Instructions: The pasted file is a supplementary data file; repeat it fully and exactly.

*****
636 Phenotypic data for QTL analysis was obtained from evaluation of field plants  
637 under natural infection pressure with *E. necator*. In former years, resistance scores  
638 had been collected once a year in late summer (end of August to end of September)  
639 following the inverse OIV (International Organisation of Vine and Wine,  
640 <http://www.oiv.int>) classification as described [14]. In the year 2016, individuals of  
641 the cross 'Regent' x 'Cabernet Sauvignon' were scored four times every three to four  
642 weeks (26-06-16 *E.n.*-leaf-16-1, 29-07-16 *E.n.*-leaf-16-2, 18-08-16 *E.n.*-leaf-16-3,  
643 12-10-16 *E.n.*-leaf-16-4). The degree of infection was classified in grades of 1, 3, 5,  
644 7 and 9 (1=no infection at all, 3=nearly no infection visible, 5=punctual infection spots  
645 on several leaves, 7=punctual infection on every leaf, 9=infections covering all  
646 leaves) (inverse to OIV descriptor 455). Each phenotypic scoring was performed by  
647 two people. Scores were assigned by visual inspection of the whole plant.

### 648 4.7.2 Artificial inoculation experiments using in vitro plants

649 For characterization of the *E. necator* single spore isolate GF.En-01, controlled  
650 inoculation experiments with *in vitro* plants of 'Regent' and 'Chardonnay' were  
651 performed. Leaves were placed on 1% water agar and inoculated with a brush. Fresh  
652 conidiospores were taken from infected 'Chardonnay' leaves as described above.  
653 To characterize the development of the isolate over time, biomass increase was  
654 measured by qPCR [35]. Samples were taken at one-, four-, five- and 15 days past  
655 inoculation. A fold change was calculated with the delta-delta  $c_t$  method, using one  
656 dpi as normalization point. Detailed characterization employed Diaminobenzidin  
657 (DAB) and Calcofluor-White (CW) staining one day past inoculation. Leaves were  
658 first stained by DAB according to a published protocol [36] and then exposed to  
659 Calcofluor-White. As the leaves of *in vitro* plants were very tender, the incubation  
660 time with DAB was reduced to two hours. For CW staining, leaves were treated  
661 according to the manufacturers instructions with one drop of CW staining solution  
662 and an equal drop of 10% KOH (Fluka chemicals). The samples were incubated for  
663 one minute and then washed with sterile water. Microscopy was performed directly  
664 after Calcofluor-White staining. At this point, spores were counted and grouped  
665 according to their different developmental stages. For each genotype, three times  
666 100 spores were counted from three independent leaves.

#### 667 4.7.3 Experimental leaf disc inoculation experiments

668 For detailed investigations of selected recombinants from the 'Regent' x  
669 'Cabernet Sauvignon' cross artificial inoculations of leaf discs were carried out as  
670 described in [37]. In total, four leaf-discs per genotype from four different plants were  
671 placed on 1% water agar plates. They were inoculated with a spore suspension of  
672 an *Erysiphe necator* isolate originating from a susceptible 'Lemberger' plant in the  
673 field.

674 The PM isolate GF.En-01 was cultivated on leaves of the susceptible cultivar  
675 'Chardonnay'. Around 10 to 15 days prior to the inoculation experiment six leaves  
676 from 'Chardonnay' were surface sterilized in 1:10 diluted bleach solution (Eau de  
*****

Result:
636 Phenotypic data for QTL analysis was obtained from evaluation of field plants  
637 under natural infection pressure with *E. necator*. In former years, resistance scores  
638 had been collected once a year in late summer (end of August to end of September)  
639 following the inverse OIV (International Organisation of Vine and Wine,  
640 <http://www.oiv.int>) classification as described [14]. In the year 2016, individuals of  
641 the cross 'Regent' x 'Cabernet Sauvignon' were scored four times every three to four  
642 weeks (26-06-16 *E.n.*-leaf-16-1, 29-07-16 *E.n.*-leaf-16-2, 18-08-16 *E.n.*-leaf-16-3,  
643 12-10-16 *E.n.*-leaf-16-4). The degree of infection was classified in grades of 1, 3, 5,  
644 7 and 9 (1=no infection at all, 3=nearly no infection visible, 5=punctual infection spots  
645 on several leaves, 7=punctual infection on every leaf, 9=infections covering all  
646 leaves) (inverse to OIV descriptor 455). Each phenotypic scoring was performed by  
647 two people. Scores were assigned by visual inspection of the whole plant.

### 648 4.7.2 Artificial inoculation experiments using in vitro plants

649 For characterization of the *E. necator* single spore isolate GF.En-01, controlled  
650 inoculation experiments with *in vitro* plants of 'Regent' and 'Chardonnay' were  
651 performed. Leaves were placed on 1% water agar and inoculated with a brush. Fresh  
652 conidiospores were taken from infected 'Chardonnay' leaves as described above.  
653 To characterize the development of the isolate over time, biomass increase was  
654 measured by qPCR [35]. Samples were taken at one-, four-, five- and 15 days past  
655 inoculation. A fold change was calculated with the delta-delta  $c_t$  method, using one  
656 dpi as normalization point. Detailed characterization employed Diaminobenzidin  
657 (DAB) and Calcofluor-White (CW) staining one day past inoculation. Leaves were  
658 first stained by DAB according to a published protocol [36] and then exposed to  
659 Calcofluor-White. As the leaves of *in vitro* plants were very tender, the incubation  
660 time with DAB was reduced to two hours. For CW staining, leaves were treated  
661 according to the manufacturers instructions with one drop of CW staining solution  
662 and an equal drop of 10% KOH (Fluka chemicals). The samples were incubated for  
663 one minute and then washed with sterile water. Microscopy was performed directly  
664 after Calcofluor-White staining. At this point, spores were counted and grouped  
665 according to their different developmental stages. For each genotype, three times  
666 100 spores were counted from three independent leaves.

#### 667 4.7.3 Experimental leaf disc inoculation experiments

668 For detailed investigations of selected recombinants from the 'Regent' x  
669 'Cabernet Sauvignon' cross artificial inoculations of leaf discs were carried out as  
670 described in [37]. In total, four leaf-discs per genotype from four different plants were  
671 placed on 1% water agar plates. They were inoculated with a spore suspension of  
672 an *Erysiphe necator* isolate originating from a susceptible 'Lemberger' plant in the  
673 field.

674 The PM isolate GF.En-01 was cultivated on leaves of the susceptible cultivar  
675 'Chardonnay'. Around 10 to 15 days prior to the inoculation experiment six leaves  
676 from 'Chardonnay' were surface sterilized in 1:10 diluted bleach solution (Eau de  